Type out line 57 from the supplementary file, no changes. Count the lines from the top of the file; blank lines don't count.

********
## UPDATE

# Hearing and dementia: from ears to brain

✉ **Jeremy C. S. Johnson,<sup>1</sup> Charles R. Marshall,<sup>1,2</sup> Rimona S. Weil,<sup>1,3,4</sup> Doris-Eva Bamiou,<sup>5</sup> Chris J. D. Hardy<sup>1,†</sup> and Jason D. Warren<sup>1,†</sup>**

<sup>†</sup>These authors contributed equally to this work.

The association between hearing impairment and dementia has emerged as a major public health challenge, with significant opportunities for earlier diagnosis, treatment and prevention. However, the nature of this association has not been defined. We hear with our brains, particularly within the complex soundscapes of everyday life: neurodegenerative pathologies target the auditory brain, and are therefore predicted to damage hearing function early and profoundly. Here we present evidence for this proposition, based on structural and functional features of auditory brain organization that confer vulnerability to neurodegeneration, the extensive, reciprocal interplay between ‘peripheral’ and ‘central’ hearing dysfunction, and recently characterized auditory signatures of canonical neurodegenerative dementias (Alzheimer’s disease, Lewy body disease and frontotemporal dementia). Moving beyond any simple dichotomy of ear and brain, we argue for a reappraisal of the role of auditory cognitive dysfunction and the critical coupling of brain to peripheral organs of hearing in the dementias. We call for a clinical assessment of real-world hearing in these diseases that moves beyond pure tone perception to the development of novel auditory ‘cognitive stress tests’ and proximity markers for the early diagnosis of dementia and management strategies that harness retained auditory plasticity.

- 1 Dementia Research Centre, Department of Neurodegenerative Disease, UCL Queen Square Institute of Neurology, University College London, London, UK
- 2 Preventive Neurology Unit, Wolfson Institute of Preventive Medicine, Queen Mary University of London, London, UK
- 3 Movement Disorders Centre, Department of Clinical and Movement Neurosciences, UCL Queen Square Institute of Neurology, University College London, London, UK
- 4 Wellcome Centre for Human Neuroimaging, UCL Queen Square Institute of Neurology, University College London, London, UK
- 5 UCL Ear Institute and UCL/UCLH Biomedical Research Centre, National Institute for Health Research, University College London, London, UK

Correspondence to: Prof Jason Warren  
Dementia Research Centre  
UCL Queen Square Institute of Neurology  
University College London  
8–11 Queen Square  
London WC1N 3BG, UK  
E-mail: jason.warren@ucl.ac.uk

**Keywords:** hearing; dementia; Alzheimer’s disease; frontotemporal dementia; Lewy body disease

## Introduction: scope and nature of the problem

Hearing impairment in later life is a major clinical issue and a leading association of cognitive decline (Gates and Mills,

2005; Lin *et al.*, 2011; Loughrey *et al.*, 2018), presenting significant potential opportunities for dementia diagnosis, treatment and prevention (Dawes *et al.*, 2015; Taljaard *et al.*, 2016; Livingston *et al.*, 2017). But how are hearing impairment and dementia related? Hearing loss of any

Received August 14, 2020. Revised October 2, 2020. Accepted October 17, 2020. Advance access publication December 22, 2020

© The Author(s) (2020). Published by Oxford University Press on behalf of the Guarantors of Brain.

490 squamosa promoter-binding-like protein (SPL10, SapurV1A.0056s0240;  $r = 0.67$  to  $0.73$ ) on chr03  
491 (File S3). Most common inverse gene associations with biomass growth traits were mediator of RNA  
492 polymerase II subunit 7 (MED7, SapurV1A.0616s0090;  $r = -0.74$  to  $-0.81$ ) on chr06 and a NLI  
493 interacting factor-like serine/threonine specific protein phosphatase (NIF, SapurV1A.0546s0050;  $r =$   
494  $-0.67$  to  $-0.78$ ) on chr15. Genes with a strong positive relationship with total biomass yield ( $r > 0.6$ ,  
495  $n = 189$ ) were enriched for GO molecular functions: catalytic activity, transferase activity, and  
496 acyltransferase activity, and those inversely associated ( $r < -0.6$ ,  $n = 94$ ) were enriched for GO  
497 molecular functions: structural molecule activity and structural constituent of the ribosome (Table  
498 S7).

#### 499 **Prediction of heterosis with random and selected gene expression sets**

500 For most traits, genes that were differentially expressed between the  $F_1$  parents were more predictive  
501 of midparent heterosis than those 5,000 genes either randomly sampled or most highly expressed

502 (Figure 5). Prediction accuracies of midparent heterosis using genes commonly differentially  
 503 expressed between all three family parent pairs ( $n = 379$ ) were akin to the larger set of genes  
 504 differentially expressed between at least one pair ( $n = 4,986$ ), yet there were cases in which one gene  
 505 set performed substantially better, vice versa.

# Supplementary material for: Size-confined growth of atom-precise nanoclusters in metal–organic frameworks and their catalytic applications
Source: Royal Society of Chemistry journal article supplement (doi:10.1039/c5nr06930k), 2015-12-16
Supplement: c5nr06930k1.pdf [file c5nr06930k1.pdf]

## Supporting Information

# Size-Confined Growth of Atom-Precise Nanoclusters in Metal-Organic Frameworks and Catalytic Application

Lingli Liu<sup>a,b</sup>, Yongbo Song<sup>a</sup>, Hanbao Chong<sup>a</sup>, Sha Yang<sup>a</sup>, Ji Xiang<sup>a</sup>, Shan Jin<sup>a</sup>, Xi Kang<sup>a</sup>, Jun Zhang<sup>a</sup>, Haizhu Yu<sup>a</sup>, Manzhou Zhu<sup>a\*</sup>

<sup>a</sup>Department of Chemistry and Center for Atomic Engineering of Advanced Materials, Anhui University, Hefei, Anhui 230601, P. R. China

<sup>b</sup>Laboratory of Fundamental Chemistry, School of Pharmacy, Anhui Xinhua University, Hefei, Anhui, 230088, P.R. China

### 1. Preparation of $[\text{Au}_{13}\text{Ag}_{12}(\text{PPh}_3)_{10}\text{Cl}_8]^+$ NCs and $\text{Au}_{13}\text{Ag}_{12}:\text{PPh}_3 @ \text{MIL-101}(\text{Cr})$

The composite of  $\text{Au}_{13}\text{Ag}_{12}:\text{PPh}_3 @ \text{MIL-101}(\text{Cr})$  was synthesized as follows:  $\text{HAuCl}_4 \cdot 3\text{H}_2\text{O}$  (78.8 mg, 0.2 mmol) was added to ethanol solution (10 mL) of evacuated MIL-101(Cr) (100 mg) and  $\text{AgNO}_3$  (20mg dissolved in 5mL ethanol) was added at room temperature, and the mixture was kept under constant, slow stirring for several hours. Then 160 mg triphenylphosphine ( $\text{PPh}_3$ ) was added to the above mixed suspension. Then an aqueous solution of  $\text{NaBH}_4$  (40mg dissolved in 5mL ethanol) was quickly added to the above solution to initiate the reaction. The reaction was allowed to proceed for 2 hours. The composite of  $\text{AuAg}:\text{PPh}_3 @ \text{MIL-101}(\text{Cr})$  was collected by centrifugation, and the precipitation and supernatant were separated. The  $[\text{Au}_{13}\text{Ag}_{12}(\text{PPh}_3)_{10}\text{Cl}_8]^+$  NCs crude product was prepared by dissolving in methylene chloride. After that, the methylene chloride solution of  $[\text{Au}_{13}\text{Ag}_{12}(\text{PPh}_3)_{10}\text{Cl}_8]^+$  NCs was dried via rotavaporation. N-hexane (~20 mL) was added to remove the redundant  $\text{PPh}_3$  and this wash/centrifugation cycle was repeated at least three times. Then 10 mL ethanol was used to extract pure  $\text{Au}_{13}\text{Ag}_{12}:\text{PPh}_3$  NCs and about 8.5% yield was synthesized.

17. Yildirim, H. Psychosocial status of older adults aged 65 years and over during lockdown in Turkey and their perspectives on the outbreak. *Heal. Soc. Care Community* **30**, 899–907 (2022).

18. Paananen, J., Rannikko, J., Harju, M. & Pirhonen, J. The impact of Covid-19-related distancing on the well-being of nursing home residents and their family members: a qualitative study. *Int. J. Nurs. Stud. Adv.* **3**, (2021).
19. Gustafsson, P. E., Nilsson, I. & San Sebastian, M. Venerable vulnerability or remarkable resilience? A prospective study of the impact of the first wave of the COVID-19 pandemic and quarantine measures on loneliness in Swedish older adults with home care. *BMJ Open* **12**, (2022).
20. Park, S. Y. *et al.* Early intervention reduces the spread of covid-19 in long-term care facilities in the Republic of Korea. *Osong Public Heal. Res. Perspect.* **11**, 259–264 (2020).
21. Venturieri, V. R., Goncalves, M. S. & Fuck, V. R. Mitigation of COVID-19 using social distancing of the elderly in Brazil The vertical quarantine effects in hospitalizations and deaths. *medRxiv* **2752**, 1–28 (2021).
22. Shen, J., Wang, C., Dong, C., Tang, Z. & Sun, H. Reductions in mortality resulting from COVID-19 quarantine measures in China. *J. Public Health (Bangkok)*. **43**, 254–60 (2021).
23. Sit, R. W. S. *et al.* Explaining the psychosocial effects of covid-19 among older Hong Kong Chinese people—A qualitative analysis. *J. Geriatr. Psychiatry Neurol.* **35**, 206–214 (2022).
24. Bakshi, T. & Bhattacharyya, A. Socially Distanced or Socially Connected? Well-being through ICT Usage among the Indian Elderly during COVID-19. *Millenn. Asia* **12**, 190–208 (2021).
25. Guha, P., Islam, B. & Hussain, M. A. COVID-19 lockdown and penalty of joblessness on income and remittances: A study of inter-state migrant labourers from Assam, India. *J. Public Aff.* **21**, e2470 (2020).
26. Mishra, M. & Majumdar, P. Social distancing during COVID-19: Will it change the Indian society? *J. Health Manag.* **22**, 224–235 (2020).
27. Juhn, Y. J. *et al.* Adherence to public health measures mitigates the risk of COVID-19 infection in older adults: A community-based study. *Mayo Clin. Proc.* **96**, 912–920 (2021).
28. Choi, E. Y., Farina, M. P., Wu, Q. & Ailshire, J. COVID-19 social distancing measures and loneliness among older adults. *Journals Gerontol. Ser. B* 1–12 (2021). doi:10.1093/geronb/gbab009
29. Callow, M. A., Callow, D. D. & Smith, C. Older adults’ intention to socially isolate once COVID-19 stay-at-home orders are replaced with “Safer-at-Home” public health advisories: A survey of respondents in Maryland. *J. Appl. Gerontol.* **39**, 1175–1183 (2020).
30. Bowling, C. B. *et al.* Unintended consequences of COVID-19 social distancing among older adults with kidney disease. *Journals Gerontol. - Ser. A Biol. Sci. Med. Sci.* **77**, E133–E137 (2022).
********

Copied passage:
24. Bakshi, T. & Bhattacharyya, A. Socially Distanced or Socially Connected? Well-being through ICT Usage among the Indian Elderly during COVID-19. *Millenn. Asia* **12**, 190–208 (2021).